Orlando - Eternal Beauty


When filmmakers are allowed to give full vent to their artistic ambition and express their instinctive creative imagination — creating art from the heart —  the result can offer a transcendent experience imbued with timeless beauty and universal meaning. (Or it can be a disaster, but it's worth the risk.)

We have featured several directors who have managed to unleash artistic heaven on celluloid, such as Paulo Sorrentino, Peter Greenaway and Claire Denis. Let's now pan the camera and zoom in to English director Sally Potter. As writer, director and composer of the soundtrack music, Sally created an absolute gesamtkunstwerk with her film adaptation of Virginia Woolf's Orlando: A Biography.
Delight and elevate
Sally's Orlando, which came out in 1992, is a film that manages to delight and elevate the spirit, providing a completely satisfying filmic experience. The film is alive with beauty, not least because it stars the truly divine Tilda Swinton as Orlando. The film is also loaded with the fine points of period detail and costume design that we appreciate greatly, and some wonderful English gardens.



Concentrate on the beauty
Virginia Woolf's novel is the story of an English nobleman and would-be poet from the Elizabethan period. The key plot device is that Orlando magically turns into a woman, and an immortal woman at that, so that we have a character that can see the world from the point of view of both sexes. An intriguing literary device. Lots of enjoyment-sapping over-analytical twaddle has been written about the subtext of the novel, but feel free to ignore all that and concentrate on the beauty of the prose. Orlando is a lovely story that has wonderfully romantic evocations of key periods in British history.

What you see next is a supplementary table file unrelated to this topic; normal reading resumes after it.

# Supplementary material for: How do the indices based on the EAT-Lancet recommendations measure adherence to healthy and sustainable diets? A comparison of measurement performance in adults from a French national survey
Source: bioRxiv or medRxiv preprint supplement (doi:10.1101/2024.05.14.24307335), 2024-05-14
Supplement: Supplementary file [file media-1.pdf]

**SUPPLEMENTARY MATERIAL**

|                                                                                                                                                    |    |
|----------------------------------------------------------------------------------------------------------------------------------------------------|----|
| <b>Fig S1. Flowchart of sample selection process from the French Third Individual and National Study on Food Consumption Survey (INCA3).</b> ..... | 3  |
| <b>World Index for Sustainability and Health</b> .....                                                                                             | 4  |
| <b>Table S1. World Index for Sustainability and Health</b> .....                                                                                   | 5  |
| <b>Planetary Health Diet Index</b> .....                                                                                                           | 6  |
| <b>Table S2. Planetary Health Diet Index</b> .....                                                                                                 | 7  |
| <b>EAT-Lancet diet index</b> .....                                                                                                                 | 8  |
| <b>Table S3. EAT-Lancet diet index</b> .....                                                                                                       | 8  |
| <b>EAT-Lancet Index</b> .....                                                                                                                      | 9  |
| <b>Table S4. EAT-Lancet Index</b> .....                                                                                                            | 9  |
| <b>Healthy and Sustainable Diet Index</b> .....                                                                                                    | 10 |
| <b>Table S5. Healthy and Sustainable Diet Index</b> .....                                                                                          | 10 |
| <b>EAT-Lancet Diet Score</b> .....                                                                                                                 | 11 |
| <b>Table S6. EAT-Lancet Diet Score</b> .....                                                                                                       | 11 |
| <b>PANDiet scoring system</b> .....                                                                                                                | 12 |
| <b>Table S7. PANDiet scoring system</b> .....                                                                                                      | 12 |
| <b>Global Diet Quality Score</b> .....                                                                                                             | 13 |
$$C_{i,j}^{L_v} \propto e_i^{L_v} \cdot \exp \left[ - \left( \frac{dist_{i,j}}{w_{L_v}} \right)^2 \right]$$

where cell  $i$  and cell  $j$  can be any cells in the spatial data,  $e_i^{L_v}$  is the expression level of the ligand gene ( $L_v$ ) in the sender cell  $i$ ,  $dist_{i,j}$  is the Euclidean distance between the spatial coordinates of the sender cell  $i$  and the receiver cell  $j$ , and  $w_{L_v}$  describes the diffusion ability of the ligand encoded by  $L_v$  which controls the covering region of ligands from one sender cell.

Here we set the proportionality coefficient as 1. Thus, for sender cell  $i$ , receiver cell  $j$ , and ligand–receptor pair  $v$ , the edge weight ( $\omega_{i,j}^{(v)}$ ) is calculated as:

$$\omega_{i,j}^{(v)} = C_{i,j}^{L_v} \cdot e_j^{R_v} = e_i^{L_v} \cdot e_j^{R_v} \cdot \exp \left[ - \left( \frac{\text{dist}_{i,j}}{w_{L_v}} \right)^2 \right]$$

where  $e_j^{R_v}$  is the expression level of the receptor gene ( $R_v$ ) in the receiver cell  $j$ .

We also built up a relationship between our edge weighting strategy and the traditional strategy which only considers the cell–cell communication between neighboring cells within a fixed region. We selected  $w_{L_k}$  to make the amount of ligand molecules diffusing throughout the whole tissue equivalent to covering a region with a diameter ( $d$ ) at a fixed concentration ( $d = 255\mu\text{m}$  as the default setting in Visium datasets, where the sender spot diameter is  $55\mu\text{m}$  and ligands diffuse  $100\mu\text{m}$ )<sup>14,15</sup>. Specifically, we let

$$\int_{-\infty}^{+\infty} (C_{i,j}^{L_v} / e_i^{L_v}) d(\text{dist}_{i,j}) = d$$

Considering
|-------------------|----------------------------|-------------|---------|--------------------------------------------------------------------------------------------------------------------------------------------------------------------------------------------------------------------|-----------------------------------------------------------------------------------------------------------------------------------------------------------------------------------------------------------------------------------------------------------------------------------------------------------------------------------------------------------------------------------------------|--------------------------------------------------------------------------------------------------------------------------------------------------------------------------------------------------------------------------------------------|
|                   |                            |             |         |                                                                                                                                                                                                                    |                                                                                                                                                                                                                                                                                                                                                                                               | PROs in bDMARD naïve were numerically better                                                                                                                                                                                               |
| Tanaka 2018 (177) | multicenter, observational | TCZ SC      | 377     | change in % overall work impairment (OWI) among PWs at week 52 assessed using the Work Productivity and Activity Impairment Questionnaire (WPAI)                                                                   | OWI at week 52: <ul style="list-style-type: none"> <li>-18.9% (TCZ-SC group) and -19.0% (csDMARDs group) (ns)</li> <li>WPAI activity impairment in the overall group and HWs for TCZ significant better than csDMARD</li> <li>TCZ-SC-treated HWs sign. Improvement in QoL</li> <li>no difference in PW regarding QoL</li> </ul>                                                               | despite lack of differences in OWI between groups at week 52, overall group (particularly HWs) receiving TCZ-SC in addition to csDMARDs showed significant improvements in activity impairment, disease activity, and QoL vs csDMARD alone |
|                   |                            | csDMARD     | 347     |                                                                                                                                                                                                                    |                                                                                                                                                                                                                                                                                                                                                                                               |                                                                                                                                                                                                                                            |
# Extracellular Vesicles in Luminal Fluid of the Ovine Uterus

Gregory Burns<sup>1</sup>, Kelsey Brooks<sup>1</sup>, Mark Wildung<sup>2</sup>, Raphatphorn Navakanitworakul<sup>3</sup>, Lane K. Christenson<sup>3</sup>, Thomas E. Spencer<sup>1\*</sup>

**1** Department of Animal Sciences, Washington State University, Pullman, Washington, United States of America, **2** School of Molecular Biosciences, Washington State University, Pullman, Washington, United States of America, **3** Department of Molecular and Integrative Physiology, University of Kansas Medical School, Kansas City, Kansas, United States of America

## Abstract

Some get left behind by the breathless stream-of-consciousness form of Virginia's writing in the novel. The film is a far more palatable affair for most and some say a far better experience than the book.


Famous exchange:



Changing cultural landscape
In Sally's film, Queen Elizabeth I, played as to the manor born by Quention Crisp, bequeaths a stately castle and dowry to the young poet Orlando on the decree that he never grows old. Orlando ascents to the decree, dabbling in the arts for a couple of hundred years in the splendid isolation of his castle home. Following a trip to the mystical East in the 18th century, Orlando changes into a woman following, as Sally explains, 'a crisis of masculine identity'. The story proceeds into the present day as we see how the now-female Orlando fares against the changing cultural backdrop of Britain.
Most beautiful film ever?
Orlando is a true artistic vision and visually stunning in its dream-like quality. One is left with a sense of joy at its conclusion. One returns to the film to relive that sense of delight again and again.

You might wish to skip the video below if you've never seen the film — it's the ending with a song performed by James Somerville. It's just occurred to me: The Long Good Friday is another film that I greatly admire that ends reliant on the acting ability of the main character through facial expressions alone.

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